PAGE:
The native range of this tropical species was the Malay Archipelago and upper Burma but it is now pantropical and also found in many sub-tropical areas. It was probably cultivated in India as early as 500 BC.
Rose apple requires a warm humid habitat, growing more profusely with rainfall above 1700mm pa. Fairly even distribution of rain is best but it will survive dry periods if soil remains moist. In tropical regions, it is found up to 1800m elevation. In cooler areas it may still grow, but produce little or no fruit. There is light frost tolerance. In several areas and countries worldwide that have climates more tropical than ours in the south west of WA, it grows so well that it has been declared a threat to other species.
An evergreen tree up to 8m tall and often of greater width, with a grey-brown trunk and a dense canopy. The leaves are leathery and dark green when mature, opposite and lanceolate, 8-26cm X 2-4cm. Plants develop deep taproots, but as they mature, the lateral roots become more important.
Myrtaceae Family. The genus has about 1000 species, many of which are grown for their fruit. There are five commercially important species worldwide including rose apple, and these are: Java plum (Syzygium cumini), water apple (Syzygium aqueum), mountain apple (Syzygium malaccense) and wax apple (Syzygium javanicum). The number of different common names given to individual fruits leads to much confusion. Also they can be given names such as 'apples', 'plums' and 'cherries' which are at odds with their botanical characteristics.
Provided it has sufficient moisture, it is not overly demanding of soil requirements, but will only grow slowly if infertile, and not produce fruit in dry sands. Relatively poor drainage is not critical, nor is pH down to 5.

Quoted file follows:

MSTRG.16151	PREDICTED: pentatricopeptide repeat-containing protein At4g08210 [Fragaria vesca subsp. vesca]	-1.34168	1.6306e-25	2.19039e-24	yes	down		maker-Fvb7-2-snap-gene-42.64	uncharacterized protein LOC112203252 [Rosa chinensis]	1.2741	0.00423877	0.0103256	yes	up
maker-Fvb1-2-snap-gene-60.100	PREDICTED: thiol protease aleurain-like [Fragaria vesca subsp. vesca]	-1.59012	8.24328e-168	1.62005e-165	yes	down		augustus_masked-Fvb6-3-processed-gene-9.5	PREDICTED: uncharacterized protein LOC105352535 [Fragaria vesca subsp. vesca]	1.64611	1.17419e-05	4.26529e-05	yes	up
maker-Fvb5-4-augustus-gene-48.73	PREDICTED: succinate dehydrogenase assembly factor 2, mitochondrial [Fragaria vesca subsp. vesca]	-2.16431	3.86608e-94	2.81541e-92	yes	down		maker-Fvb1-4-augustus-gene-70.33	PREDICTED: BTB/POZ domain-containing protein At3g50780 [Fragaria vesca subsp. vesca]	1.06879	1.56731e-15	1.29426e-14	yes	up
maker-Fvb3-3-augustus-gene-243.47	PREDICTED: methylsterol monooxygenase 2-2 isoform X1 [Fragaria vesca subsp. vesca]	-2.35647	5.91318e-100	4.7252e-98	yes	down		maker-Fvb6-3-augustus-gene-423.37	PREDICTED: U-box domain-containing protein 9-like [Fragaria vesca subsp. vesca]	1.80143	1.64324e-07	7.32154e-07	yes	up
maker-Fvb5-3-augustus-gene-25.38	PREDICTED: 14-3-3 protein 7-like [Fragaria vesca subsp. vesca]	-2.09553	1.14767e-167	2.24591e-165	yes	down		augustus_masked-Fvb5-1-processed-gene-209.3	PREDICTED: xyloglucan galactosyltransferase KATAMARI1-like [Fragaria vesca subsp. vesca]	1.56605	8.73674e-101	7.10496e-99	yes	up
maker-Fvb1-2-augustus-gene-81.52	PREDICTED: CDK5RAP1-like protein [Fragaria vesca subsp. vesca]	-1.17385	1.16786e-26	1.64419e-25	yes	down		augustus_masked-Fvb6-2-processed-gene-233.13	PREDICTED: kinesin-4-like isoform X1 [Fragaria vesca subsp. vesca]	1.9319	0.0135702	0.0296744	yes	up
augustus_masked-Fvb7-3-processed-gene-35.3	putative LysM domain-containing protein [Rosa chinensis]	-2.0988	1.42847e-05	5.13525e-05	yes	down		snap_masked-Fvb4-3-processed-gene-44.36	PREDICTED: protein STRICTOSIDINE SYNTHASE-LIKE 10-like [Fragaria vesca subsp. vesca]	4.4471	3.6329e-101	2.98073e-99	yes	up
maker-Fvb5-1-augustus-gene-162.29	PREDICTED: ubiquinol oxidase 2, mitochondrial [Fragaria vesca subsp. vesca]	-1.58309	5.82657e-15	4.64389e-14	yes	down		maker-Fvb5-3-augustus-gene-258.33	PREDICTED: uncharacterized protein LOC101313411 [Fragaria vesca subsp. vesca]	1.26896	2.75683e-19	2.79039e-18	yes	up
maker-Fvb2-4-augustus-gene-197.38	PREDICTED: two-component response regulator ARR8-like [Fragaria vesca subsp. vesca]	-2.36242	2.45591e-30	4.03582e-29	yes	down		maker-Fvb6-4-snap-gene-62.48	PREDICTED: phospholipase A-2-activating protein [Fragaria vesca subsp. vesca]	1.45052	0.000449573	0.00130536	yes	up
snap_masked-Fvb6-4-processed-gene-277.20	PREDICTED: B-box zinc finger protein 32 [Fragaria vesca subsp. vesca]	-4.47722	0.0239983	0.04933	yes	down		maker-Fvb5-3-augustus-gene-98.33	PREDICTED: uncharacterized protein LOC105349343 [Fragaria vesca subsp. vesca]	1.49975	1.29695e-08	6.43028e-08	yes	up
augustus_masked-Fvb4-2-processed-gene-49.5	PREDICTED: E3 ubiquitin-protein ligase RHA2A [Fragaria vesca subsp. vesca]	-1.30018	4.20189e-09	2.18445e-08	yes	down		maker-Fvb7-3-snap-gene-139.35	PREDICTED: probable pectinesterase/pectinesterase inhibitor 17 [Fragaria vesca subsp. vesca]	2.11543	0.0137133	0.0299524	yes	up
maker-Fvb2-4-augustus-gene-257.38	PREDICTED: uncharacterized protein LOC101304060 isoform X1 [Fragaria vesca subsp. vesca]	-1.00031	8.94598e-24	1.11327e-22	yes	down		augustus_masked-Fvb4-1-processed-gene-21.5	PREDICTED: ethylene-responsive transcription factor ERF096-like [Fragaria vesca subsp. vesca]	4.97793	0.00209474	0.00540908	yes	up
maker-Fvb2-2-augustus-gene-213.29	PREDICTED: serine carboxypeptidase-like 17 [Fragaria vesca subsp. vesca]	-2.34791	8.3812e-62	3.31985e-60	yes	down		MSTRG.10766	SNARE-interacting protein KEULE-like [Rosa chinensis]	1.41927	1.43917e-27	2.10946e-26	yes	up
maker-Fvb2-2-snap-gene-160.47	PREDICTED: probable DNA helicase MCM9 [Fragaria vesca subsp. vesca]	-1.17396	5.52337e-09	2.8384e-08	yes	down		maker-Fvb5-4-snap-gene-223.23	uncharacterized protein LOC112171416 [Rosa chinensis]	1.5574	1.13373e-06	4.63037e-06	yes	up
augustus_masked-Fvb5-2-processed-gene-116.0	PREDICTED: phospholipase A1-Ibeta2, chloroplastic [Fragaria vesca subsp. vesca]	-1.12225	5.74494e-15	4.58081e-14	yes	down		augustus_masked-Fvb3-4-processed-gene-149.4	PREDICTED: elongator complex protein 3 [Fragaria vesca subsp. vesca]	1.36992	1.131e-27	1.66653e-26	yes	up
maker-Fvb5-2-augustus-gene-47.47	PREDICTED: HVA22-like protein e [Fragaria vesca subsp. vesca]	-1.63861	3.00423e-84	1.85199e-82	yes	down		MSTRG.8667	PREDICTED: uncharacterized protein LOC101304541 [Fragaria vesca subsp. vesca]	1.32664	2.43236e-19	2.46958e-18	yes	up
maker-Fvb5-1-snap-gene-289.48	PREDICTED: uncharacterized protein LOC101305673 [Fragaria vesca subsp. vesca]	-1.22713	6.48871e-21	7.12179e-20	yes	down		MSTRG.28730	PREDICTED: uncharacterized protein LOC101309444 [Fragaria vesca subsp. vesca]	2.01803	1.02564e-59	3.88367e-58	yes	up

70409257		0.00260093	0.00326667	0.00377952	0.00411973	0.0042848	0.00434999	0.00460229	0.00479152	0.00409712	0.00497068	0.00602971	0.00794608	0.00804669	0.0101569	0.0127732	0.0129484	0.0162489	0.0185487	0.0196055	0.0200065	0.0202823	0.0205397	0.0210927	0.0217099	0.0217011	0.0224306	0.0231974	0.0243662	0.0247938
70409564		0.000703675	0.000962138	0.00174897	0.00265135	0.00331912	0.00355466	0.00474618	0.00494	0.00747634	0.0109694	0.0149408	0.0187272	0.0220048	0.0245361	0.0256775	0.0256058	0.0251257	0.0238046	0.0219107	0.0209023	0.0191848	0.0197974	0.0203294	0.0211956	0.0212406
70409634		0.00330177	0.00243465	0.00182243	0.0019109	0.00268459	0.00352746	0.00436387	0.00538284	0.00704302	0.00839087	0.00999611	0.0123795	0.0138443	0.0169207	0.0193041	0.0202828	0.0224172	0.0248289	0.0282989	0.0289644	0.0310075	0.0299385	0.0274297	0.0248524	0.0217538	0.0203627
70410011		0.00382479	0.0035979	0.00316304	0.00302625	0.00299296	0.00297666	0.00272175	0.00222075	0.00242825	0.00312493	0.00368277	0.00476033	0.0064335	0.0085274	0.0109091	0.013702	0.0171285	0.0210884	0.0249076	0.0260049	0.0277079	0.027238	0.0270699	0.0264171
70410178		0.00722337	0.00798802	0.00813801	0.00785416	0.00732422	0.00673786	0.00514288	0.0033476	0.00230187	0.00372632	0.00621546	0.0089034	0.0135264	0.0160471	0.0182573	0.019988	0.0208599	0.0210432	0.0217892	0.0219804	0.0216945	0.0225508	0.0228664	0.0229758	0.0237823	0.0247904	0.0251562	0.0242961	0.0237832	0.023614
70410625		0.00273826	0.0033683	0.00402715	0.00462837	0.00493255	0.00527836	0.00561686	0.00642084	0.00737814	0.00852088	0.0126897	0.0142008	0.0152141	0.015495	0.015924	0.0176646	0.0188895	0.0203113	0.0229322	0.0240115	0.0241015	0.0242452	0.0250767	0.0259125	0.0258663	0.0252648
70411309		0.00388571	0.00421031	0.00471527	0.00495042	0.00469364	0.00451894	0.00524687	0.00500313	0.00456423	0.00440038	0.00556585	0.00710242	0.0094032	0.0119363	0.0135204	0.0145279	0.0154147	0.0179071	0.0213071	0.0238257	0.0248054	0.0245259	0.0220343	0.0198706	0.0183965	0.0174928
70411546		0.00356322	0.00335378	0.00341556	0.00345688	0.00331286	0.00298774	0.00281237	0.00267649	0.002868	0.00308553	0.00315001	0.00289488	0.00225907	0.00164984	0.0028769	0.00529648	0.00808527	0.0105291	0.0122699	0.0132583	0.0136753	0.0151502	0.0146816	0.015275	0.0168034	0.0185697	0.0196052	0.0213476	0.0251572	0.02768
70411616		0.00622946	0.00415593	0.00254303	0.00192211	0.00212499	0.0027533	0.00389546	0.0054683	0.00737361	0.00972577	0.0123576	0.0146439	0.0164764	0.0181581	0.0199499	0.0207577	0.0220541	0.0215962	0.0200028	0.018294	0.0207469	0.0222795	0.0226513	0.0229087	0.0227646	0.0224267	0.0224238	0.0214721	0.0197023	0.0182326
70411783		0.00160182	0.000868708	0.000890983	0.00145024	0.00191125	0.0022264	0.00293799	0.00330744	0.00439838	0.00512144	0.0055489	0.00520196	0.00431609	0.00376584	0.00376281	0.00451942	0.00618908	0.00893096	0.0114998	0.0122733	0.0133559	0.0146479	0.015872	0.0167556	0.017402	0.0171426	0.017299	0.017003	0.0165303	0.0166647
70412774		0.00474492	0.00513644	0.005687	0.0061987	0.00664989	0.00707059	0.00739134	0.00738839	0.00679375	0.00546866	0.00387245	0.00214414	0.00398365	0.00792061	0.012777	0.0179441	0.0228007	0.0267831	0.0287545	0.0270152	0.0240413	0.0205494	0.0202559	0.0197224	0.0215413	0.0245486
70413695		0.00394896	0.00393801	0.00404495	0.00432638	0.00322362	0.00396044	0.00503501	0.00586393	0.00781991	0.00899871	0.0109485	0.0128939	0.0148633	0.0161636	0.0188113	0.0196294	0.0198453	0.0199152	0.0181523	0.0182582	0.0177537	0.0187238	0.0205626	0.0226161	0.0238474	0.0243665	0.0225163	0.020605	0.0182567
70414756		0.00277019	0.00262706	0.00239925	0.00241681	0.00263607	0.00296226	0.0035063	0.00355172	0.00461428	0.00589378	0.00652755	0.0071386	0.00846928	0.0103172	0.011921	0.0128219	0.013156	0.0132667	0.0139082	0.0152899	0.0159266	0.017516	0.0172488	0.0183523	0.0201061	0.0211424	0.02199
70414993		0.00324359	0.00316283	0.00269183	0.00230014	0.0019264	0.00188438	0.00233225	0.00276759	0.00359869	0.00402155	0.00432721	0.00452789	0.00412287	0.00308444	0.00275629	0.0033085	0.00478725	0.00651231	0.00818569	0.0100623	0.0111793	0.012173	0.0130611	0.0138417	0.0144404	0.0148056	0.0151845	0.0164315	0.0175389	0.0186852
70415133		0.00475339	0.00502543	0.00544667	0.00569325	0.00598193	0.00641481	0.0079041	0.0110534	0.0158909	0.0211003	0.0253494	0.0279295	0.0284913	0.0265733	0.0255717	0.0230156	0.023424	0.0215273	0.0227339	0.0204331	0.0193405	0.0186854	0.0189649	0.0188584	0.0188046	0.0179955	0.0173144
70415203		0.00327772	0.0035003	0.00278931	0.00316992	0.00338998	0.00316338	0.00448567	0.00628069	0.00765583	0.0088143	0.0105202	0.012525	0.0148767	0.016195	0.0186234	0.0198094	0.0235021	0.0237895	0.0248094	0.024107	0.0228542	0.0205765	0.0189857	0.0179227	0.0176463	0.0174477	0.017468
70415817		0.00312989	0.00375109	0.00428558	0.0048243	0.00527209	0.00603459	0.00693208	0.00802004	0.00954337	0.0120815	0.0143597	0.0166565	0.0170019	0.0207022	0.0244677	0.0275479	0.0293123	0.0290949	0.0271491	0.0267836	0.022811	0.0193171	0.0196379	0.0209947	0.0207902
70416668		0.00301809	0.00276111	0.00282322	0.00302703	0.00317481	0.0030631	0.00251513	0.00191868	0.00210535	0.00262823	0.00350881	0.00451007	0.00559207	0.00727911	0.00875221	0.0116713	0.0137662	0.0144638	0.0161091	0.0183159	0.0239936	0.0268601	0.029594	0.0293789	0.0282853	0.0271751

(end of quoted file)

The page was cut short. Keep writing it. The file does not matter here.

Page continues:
Seeds are the most common means of propagation. They are recalcitrant and polyembryonic, with 1-4 embryos, giving multiple seedlings. Germination is best with fresh seeds placed on the surface of moist, shaded soil. Seedling growth is slow, subject to transplant shock, and the quality of fruit varies greatly between trees. Cuttings and air-layering can also be used.
There are no named cultivars.
Inflorescences are usually terminal corymbs, 5-10cm long, with 4-10 flowers. The showy, fragrant, bisexual flowers are white, 4-8cm wide with an inferior ovary and 2-3.5cm style. Visually, they are dominated by about 300 stamens 1.5-2.8cm long with creamy-white filaments. A brief dry period may be necessary to promote flowering. Pollination is by bees and other insects that are strongly attracted to the plentiful nectar.
With appropriate moisture and temperatures they are usually grown without extensive cultivation effort. Seedlings need shade, but mature trees fruit best in full sun. Any fertilization should be delayed till after inflorescences have formed, as new vegetative flushes will compete with flowering for nutrients.
Good resistance and can be used as windbreaks.
Rose apple grows naturally with a balanced canopy so pruning can be minimal after ensuring a suitable branching framework has been established. They can be coppiced quite hard and will quickly recover with multiple shoots.
An ovoid drupe with a persistent 4-lobed apical calyx, whitish-yellow or flushed with pink when ripe, 2-4cm in diameter. The firm dry flesh is creamy-yellow and rose-scented, containing 1-4 loose brown seeds. Nutritive value is low, with the main features being low calorie value, reasonable calcium and iron and about 14% sugars.
Vegetatively propagated plants may crop within 4 years. Fruits ripen 4 months after flowering, but yield can be low if moisture and sunlight is not optimal.
They are eaten fresh or processed as jams and jellies, as they have high levels of pectin for favourable setting qualities. They can be brandied.
Minimal, but rusts can be a problem. Disease load in our dry environment is low.
They are often planted for their ornamental value alone, particularly when flowering. But if you also enjoy the fruit you could eat bucket loads without having to worry about the waistline!